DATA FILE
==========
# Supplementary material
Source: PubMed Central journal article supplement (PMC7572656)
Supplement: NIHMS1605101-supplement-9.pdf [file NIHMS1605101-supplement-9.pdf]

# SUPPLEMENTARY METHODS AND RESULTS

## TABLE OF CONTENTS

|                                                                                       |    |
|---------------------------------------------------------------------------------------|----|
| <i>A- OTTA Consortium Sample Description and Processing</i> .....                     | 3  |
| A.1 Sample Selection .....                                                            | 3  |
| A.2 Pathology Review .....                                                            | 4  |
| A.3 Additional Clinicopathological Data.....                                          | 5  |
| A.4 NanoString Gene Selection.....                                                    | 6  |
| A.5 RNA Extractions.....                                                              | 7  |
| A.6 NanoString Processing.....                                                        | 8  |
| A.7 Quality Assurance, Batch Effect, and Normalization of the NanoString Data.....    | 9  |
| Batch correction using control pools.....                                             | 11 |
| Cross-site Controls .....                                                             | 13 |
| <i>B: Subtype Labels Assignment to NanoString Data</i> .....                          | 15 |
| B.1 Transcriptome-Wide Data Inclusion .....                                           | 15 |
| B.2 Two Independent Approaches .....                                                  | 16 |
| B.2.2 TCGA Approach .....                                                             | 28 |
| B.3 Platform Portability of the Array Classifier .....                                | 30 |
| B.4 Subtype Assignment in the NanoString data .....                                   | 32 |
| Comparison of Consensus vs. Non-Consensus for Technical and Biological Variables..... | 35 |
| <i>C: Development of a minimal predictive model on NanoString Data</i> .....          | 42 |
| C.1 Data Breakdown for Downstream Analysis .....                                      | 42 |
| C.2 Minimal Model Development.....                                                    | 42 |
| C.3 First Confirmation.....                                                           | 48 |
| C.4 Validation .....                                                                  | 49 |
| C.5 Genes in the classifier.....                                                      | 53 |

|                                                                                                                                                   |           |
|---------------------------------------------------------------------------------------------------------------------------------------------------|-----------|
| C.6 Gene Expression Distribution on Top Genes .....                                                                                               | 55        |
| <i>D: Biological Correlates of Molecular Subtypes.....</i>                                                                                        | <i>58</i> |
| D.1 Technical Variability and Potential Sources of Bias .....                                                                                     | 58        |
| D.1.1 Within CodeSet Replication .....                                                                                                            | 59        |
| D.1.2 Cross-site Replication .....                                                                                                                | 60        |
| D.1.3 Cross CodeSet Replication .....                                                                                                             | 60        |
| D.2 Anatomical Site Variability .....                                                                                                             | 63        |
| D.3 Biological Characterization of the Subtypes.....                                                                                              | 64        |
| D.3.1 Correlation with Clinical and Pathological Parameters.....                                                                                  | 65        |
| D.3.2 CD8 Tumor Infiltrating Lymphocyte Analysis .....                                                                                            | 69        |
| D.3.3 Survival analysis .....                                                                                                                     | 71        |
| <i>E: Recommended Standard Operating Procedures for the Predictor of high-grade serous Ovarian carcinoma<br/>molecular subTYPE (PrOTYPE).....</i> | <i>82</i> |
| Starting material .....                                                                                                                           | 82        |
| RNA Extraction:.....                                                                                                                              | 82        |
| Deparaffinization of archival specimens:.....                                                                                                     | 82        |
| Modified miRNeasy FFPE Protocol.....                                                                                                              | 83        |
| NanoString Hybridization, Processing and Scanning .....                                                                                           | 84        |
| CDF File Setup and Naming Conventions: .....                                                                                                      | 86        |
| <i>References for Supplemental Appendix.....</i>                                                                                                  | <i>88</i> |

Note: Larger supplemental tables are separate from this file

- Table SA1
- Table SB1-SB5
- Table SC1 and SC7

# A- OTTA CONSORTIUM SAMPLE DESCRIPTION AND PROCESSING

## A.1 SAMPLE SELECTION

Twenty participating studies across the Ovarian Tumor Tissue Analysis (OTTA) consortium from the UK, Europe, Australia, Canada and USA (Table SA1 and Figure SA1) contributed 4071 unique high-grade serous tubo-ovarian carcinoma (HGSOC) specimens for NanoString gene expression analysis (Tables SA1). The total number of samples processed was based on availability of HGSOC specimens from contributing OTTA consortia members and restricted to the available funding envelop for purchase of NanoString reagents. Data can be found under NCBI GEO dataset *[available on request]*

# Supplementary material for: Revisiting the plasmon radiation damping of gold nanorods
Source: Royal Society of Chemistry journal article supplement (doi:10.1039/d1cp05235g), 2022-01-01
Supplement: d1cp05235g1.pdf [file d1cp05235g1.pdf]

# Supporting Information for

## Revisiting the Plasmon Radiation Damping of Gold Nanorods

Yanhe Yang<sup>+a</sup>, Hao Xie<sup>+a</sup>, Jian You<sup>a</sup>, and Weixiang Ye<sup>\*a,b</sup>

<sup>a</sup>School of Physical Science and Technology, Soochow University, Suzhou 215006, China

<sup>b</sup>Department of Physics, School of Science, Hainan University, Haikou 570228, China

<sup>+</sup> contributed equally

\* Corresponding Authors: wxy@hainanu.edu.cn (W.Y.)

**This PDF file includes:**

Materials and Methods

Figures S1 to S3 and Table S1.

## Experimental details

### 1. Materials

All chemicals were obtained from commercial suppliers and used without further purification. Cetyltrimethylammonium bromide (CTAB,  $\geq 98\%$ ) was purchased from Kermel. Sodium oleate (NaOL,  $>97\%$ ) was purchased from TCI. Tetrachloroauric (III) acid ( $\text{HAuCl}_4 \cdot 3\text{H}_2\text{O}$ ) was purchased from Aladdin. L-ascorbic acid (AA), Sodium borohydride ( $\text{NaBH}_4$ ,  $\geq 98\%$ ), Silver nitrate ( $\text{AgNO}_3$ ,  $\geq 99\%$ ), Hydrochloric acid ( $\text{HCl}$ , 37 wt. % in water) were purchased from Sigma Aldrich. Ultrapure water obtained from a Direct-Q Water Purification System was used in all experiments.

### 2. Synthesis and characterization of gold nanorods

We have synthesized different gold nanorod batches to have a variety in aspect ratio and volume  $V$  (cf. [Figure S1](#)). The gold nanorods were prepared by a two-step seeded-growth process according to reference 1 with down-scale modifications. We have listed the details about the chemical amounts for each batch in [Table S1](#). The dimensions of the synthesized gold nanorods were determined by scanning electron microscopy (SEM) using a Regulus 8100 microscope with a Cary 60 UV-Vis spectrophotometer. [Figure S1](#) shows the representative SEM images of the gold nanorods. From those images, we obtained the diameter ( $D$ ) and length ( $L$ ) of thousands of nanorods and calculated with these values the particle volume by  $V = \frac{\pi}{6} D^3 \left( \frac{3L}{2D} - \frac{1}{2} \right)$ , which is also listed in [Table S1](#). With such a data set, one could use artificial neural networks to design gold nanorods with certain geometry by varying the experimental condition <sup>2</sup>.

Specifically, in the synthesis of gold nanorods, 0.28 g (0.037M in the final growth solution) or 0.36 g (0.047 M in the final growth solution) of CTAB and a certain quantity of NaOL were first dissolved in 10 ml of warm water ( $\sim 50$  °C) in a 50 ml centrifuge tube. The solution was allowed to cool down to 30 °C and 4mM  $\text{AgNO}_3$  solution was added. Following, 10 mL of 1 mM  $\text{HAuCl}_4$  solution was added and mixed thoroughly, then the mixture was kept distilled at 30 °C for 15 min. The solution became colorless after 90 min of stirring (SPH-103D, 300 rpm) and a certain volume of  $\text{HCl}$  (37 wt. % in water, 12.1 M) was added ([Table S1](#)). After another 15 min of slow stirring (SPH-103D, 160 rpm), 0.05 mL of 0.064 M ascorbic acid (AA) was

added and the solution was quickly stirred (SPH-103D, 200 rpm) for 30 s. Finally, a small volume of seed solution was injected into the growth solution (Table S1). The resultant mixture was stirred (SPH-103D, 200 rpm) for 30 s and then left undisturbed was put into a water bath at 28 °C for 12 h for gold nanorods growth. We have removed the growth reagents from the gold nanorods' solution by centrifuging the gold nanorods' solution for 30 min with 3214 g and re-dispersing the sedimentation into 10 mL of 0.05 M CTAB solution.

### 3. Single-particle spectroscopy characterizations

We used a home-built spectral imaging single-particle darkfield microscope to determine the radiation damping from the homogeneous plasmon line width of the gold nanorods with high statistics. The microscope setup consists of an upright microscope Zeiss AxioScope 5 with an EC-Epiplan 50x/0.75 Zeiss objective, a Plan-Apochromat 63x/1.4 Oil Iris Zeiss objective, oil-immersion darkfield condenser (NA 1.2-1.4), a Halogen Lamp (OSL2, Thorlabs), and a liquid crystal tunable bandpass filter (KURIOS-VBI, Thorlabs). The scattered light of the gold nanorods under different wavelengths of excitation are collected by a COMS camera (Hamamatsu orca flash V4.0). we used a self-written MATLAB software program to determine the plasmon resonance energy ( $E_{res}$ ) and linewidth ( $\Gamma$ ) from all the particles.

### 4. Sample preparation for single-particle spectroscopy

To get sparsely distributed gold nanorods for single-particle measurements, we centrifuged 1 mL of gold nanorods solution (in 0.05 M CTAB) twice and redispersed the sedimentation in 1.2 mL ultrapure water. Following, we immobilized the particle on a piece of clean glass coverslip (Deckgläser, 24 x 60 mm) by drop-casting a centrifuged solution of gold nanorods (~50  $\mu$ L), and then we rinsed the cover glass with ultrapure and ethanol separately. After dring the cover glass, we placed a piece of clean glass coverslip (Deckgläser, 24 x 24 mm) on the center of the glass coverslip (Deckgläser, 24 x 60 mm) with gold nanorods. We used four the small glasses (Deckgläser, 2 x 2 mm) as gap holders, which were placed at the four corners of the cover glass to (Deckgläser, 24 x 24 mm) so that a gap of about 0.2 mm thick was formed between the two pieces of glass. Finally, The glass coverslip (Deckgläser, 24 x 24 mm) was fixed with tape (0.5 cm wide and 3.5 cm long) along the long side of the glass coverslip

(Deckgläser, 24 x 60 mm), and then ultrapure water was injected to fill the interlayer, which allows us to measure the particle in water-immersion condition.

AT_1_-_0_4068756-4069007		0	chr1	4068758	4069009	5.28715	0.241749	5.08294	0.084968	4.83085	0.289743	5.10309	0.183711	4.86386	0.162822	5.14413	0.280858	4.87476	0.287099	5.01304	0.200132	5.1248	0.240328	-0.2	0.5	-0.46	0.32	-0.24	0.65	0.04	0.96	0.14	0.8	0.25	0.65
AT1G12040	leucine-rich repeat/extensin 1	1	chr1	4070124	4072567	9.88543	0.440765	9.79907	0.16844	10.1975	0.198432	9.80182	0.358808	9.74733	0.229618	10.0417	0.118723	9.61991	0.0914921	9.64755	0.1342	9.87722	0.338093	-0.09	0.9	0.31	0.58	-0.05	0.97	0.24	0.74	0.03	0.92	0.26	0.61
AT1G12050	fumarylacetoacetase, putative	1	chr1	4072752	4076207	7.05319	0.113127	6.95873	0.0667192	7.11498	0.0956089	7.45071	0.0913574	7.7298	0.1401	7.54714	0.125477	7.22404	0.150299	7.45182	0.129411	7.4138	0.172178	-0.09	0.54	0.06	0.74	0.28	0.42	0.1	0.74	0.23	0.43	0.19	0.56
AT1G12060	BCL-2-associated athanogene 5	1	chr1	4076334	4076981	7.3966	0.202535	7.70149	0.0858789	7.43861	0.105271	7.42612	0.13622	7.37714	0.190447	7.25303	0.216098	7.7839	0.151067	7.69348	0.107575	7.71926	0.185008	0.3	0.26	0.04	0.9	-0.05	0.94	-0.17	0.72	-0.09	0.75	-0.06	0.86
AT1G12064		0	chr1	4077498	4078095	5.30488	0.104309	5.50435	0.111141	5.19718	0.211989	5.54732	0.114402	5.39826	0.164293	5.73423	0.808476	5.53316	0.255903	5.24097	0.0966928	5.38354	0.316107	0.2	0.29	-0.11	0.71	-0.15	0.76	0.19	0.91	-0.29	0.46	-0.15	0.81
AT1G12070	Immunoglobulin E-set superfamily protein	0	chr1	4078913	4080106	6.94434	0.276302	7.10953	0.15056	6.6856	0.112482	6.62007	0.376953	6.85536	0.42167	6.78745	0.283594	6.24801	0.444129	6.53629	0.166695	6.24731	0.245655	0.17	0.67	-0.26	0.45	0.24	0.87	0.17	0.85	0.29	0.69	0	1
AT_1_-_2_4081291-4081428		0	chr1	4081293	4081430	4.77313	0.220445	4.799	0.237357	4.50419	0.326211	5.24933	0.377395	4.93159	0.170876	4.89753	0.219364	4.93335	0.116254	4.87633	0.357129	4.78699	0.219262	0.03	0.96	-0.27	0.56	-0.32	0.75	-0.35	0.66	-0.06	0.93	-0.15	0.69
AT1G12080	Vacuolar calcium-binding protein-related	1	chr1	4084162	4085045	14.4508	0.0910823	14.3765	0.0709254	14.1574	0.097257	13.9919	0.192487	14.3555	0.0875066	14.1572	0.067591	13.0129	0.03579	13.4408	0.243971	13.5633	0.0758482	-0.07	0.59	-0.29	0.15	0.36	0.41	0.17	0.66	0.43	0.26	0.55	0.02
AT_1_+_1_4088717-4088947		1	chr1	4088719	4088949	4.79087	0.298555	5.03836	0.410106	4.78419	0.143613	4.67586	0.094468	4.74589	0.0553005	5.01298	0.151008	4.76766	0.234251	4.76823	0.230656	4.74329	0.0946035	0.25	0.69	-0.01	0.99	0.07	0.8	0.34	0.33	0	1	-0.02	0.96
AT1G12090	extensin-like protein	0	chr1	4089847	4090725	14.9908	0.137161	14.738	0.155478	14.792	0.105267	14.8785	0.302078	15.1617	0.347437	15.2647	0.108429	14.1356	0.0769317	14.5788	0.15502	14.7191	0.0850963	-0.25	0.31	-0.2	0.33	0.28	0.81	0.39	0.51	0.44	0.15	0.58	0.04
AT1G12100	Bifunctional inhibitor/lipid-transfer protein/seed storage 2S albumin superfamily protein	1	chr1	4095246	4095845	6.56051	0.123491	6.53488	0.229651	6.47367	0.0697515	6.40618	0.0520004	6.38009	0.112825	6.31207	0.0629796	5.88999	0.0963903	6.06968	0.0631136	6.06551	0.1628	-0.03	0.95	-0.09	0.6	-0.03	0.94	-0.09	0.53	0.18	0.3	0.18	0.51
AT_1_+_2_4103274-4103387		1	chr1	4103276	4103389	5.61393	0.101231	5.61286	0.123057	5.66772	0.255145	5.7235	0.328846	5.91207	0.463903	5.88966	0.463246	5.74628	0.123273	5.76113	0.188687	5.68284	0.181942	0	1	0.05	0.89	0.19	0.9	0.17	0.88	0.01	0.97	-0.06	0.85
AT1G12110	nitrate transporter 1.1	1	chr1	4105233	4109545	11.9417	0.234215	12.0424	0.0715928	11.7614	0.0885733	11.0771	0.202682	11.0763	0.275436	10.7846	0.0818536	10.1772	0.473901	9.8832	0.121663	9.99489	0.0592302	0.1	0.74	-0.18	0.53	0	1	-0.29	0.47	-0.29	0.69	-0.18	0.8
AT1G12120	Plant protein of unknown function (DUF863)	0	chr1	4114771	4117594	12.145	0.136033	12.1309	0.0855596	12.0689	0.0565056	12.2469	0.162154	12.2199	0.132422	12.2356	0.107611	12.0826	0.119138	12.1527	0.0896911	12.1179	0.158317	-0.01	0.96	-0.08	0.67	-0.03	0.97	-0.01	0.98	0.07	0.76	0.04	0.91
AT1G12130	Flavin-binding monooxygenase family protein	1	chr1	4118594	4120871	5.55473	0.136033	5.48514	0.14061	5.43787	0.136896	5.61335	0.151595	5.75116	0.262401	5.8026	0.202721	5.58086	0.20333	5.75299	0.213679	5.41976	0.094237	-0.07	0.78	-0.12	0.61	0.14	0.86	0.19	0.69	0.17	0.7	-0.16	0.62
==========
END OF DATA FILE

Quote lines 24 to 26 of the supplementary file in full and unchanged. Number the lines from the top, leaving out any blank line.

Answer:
| Comparison of Consensus vs. Non-Consensus for Technical and Biological Variables..... | 35 |
| <i>C: Development of a minimal predictive model on NanoString Data</i> .....          | 42 |
| C.1 Data Breakdown for Downstream Analysis .....                                      | 42 |